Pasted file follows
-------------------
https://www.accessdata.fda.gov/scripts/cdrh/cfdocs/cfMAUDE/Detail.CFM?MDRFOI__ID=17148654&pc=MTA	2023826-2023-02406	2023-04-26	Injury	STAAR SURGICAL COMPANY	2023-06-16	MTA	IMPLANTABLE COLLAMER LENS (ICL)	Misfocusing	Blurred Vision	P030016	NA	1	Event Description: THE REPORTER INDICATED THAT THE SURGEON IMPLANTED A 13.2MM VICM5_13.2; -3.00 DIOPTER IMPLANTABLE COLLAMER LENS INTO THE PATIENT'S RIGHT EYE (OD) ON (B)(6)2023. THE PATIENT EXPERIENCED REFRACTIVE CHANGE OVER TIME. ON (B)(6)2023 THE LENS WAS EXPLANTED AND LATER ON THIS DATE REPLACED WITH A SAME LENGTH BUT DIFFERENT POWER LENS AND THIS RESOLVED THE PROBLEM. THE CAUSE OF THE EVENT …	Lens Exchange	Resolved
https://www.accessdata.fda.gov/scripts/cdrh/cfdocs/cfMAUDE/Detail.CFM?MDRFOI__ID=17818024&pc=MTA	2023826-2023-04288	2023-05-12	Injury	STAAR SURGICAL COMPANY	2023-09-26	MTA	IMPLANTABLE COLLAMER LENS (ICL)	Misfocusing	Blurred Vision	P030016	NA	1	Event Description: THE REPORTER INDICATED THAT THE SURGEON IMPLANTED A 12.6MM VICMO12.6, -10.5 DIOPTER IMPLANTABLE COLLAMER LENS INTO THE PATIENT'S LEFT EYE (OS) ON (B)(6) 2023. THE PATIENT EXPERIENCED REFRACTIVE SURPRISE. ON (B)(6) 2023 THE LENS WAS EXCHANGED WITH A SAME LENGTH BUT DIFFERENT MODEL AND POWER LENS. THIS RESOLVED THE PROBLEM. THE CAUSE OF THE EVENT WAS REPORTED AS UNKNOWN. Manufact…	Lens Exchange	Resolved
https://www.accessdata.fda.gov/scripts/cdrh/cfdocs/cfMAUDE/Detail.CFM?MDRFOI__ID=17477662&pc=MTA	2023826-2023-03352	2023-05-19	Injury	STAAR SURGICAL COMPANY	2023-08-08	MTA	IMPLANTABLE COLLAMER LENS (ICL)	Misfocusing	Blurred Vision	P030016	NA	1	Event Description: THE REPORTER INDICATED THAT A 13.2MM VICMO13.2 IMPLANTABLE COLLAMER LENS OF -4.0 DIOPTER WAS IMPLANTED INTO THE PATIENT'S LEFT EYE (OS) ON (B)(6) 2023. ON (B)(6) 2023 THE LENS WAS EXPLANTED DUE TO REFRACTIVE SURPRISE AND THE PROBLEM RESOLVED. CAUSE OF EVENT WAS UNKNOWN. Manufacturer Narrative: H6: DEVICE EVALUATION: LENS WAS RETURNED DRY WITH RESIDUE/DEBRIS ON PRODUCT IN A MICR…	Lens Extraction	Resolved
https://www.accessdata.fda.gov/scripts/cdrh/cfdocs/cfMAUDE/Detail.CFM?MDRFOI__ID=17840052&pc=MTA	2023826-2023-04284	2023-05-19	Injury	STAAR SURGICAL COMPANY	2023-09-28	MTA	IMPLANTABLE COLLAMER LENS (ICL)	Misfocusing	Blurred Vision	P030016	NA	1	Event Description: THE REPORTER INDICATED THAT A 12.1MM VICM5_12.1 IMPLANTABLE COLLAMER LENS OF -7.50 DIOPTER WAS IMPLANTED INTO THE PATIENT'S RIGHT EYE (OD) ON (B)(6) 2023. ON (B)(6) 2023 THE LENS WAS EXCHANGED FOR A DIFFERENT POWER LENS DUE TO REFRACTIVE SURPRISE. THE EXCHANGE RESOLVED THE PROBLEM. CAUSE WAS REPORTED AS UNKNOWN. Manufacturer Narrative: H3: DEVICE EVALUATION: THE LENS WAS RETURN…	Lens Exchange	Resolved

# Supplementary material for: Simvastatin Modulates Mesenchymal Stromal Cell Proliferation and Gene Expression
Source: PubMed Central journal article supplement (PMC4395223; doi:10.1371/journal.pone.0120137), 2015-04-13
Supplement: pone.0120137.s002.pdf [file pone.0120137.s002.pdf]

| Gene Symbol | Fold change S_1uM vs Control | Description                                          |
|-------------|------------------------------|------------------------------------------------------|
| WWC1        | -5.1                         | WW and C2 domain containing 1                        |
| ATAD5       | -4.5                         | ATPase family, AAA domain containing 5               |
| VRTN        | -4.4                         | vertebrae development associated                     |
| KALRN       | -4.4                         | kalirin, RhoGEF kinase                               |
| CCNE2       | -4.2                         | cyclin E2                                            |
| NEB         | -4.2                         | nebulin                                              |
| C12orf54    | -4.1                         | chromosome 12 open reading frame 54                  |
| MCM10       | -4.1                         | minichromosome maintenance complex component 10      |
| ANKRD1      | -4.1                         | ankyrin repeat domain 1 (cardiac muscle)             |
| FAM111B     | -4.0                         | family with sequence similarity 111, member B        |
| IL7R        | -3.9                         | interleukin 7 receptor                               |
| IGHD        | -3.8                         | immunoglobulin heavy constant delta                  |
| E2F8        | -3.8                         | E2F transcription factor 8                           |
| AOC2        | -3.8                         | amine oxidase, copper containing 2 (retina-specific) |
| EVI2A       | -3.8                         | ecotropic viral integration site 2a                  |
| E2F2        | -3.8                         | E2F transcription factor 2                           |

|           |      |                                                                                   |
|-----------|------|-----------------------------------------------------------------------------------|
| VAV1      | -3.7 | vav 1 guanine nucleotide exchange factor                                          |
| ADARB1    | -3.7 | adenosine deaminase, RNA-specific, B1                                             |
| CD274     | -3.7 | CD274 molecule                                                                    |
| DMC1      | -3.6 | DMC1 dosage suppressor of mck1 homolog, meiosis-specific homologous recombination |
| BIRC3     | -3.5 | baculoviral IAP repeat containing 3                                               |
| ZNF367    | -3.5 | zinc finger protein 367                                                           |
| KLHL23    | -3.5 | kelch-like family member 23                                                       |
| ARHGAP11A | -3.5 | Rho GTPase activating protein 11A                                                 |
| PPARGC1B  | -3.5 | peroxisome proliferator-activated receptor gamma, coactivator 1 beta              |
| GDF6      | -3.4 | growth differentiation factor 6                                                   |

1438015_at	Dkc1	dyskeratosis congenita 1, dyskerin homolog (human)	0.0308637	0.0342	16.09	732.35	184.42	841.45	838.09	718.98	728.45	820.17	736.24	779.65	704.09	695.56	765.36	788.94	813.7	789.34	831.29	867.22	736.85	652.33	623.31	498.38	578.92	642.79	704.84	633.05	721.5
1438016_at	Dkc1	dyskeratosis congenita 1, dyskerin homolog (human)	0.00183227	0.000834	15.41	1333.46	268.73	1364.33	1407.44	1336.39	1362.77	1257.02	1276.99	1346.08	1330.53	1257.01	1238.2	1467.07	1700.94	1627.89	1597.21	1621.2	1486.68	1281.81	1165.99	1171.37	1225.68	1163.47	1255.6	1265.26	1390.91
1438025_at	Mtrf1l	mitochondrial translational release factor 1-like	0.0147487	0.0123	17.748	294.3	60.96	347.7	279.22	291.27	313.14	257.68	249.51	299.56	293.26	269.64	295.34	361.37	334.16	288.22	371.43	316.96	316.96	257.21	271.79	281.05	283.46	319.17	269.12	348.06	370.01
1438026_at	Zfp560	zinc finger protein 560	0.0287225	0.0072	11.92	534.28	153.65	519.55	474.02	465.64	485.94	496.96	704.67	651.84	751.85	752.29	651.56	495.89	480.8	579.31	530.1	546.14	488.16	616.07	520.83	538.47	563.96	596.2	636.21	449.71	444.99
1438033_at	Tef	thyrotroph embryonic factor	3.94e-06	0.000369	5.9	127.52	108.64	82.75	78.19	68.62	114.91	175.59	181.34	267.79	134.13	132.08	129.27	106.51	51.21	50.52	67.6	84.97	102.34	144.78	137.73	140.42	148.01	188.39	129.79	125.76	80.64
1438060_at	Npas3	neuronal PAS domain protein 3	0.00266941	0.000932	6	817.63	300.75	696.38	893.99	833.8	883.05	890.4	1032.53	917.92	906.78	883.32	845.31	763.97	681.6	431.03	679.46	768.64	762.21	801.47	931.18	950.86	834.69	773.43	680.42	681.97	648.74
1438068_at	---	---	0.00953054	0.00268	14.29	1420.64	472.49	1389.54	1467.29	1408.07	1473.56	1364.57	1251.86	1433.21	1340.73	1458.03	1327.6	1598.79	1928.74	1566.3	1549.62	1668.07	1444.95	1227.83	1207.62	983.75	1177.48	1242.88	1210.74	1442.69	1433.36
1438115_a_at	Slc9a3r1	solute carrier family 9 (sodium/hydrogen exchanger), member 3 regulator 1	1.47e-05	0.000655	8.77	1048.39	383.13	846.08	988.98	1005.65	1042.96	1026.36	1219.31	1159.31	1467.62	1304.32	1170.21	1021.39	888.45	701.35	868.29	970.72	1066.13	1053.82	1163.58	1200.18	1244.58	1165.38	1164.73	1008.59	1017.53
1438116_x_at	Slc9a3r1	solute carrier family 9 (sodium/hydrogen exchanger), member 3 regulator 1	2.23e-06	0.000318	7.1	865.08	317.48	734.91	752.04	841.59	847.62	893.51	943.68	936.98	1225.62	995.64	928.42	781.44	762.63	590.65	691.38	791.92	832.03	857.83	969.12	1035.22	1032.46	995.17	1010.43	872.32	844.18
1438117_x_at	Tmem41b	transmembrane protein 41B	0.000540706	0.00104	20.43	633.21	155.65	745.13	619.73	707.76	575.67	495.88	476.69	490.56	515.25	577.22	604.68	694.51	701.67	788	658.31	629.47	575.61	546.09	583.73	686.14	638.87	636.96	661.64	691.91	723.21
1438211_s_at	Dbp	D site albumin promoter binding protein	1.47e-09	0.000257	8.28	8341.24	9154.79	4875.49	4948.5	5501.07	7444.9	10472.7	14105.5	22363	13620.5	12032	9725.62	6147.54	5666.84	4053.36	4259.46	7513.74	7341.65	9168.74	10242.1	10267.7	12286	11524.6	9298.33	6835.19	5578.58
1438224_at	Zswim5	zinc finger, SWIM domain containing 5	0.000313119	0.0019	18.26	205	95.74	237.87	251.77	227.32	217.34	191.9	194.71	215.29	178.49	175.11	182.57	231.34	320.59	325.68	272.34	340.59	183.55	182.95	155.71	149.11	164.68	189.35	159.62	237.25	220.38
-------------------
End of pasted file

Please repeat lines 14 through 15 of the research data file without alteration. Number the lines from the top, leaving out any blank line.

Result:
| CCNE2       | -4.2                         | cyclin E2                                            |
| NEB         | -4.2                         | nebulin                                              |